onset of symptoms before going to talk
to their GP," she said.
"People need to talk to their GP
about this problem, and they can then
be referred into a specialist service for
further assessment with the appropri-
ate people with the right knowledge
and the right team structure to help."
The Lyell McEwin Hospital is the
only public teaching hospital in South
Australia with a continence nurse prac-
titioner-led nursing service as part of
the multidisciplinary team.
For more information contact the
Continence Foundation of Australia
(1800 330 066 or continence.org.au).
-- Grady Hudd
Lyell McEwin Hospital continence nurse advisor Julie Tucker with a poster
promoting World Continence Awareness Week.
PHOTO: Grady Hudd
Bags of Love
TWENTY years after suffering a serious
workplace injury, Rosemary McKenzie-
Ferguson is on the verge of launching the
world's first community training and en-
gagement package within the workers'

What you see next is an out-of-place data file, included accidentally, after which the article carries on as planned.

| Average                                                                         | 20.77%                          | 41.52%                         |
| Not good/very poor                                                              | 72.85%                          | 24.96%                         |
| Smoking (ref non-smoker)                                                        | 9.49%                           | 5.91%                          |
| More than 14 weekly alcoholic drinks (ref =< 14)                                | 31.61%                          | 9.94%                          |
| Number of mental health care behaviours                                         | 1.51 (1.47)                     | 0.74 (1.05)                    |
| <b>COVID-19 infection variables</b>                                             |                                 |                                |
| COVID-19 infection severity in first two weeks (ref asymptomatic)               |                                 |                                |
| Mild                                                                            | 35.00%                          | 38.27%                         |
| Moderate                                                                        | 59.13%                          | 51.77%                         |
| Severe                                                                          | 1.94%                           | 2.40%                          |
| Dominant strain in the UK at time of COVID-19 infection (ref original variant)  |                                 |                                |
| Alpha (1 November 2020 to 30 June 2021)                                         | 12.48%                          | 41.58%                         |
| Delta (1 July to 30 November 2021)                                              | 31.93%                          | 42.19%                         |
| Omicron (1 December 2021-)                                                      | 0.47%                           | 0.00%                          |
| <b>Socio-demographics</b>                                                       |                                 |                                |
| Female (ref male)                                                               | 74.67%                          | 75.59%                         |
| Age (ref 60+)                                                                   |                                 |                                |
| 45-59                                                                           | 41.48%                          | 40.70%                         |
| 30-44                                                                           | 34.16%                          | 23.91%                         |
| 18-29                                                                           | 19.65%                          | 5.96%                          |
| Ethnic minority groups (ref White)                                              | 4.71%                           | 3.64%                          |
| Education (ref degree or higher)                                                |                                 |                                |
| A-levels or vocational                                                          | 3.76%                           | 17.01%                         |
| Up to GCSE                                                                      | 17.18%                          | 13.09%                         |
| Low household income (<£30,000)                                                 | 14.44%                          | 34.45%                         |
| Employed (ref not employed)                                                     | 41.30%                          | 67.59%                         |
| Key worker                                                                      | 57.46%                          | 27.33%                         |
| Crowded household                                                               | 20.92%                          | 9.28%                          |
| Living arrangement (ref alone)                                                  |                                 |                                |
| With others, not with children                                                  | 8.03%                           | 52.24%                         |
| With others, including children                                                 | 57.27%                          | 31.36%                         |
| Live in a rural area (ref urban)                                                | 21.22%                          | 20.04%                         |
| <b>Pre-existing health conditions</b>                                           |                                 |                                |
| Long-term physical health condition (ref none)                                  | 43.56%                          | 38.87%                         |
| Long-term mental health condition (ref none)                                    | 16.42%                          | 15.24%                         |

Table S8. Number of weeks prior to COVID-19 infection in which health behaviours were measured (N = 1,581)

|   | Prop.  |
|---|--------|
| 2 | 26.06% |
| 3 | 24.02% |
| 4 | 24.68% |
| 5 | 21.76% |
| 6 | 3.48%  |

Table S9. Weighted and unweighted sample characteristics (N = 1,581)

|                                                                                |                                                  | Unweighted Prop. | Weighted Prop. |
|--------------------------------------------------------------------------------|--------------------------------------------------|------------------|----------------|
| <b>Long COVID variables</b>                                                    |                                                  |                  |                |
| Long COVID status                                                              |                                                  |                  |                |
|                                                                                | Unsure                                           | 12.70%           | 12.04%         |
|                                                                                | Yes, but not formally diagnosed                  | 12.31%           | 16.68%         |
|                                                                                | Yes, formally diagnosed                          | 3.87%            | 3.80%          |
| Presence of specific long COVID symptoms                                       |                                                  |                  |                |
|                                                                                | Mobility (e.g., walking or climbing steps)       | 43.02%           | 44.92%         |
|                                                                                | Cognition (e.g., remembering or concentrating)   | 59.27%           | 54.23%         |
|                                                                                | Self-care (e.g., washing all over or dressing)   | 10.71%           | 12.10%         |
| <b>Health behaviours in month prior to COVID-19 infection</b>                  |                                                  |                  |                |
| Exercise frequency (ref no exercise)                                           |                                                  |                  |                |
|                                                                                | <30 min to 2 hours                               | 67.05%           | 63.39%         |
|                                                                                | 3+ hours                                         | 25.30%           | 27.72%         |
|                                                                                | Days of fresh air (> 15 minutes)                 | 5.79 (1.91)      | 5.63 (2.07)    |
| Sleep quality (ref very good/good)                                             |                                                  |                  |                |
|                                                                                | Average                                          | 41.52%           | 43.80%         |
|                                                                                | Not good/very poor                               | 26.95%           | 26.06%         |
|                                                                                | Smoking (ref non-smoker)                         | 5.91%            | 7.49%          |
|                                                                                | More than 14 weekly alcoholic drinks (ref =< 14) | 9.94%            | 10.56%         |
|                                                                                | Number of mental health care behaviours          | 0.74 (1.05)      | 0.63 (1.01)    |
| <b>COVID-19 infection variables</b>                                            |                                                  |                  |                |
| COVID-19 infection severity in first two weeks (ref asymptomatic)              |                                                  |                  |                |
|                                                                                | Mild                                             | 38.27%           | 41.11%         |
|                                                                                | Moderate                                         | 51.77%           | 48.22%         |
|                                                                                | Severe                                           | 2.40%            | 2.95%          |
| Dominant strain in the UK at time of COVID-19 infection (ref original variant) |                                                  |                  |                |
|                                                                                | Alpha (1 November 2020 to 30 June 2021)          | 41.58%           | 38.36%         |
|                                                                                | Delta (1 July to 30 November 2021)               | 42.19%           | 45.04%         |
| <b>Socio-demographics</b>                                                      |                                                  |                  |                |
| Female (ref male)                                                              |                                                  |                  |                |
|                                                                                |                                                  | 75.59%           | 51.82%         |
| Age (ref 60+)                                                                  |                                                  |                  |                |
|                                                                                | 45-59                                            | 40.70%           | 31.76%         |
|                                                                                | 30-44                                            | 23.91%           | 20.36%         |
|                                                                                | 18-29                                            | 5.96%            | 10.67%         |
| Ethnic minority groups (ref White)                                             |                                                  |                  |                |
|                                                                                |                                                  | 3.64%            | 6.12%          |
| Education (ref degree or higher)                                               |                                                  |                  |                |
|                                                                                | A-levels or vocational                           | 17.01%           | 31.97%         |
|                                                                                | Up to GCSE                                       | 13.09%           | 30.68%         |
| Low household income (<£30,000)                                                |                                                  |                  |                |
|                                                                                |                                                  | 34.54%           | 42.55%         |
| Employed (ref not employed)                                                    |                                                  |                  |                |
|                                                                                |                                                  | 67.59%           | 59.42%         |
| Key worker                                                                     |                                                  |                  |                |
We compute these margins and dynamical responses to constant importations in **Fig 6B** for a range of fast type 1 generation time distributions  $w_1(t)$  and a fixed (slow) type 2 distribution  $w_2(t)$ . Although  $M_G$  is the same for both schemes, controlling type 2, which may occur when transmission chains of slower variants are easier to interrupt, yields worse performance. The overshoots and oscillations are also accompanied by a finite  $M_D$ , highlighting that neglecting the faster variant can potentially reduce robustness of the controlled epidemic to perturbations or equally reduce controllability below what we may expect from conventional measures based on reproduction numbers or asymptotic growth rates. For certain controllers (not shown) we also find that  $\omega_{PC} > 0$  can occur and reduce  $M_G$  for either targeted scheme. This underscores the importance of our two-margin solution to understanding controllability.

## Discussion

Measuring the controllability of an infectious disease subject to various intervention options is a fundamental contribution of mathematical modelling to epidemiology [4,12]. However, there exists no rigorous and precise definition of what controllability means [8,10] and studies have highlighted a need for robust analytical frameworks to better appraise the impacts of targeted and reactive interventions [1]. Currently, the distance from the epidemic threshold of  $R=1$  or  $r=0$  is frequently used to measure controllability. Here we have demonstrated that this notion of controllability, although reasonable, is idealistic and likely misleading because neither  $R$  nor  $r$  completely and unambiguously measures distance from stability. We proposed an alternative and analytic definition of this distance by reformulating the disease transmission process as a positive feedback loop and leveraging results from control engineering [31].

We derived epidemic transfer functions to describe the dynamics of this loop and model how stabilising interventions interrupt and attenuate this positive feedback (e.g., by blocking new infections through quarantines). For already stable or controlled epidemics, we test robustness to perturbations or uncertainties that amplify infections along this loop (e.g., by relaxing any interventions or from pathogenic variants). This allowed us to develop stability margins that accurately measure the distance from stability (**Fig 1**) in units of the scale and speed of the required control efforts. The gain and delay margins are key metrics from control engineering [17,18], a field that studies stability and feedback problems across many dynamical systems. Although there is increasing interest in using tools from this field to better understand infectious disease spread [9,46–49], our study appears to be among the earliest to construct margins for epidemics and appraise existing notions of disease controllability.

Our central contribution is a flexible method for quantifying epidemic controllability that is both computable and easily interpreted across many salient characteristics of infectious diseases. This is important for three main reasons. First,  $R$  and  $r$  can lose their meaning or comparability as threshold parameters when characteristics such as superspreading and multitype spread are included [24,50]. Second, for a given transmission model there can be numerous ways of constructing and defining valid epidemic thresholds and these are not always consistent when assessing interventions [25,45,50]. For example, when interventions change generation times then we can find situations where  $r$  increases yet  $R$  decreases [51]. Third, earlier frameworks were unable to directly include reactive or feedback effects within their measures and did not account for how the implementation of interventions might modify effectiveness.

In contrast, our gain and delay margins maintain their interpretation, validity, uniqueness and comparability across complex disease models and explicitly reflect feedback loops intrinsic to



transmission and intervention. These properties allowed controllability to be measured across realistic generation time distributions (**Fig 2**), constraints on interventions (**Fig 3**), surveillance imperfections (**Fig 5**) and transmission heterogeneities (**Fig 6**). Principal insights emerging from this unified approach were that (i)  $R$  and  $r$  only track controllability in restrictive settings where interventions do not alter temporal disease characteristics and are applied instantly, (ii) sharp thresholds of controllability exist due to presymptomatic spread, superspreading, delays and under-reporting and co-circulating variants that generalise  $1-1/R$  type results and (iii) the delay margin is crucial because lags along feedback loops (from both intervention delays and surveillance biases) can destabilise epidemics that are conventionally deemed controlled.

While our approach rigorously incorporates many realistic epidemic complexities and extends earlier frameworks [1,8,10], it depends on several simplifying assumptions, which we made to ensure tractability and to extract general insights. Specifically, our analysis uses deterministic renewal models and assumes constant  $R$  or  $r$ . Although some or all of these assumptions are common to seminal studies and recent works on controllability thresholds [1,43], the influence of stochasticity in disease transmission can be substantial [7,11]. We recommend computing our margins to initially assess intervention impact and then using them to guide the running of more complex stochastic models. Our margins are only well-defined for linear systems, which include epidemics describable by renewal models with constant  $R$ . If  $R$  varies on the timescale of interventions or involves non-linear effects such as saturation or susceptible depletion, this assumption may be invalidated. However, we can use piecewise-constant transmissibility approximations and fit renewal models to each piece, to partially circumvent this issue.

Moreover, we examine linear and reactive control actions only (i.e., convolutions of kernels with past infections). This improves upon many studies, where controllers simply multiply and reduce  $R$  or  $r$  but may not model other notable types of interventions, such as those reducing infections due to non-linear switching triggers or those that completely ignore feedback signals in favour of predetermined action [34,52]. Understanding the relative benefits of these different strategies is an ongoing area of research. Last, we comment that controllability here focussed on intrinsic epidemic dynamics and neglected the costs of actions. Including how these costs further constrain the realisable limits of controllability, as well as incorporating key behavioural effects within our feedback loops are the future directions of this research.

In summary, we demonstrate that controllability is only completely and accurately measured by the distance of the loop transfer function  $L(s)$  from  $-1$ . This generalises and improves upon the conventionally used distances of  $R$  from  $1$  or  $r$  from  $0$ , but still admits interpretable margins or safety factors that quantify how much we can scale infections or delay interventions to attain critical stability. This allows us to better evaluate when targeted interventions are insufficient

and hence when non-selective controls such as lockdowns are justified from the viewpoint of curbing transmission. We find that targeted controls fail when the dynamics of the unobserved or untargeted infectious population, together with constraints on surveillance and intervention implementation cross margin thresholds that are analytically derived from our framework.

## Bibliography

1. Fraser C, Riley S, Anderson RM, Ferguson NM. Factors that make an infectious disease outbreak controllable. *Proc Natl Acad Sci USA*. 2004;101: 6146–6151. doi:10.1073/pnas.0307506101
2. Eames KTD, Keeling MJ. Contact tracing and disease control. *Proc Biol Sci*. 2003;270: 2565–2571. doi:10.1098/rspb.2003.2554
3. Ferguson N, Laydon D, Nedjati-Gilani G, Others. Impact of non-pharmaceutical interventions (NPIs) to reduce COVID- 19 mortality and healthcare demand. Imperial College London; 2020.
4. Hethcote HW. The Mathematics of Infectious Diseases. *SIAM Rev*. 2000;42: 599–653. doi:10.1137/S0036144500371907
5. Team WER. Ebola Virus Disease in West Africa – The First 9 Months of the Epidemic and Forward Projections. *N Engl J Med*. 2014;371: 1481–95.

Rosemary has been recog-
nised for community advoca-
cy, being named the Charles
Sturt Citizen of the Year in
2012 and being nominated
numerous times for the Aus-
tralian of the Year.
Her new project, 'Craig's
Table', is a groundbreaking
step allowing injured work-
ers to gain real-life skills and
engage in meaningful com-
munity programs while off
Rosemary said her inspira-
tion came through her own
struggle to understand the
workers' compensation system
after her injury, a familiar story to
many injured workers.
"Workers have something strange;
they have a workplace ethic, they have
a reason to get up and go to work," she
"When they're injured, they expect the system
that was designed to help them to actually work.
"What they find is a system that promises a lot
of stuff, but delivers very little."
Rosemary's own story is quite remarkable.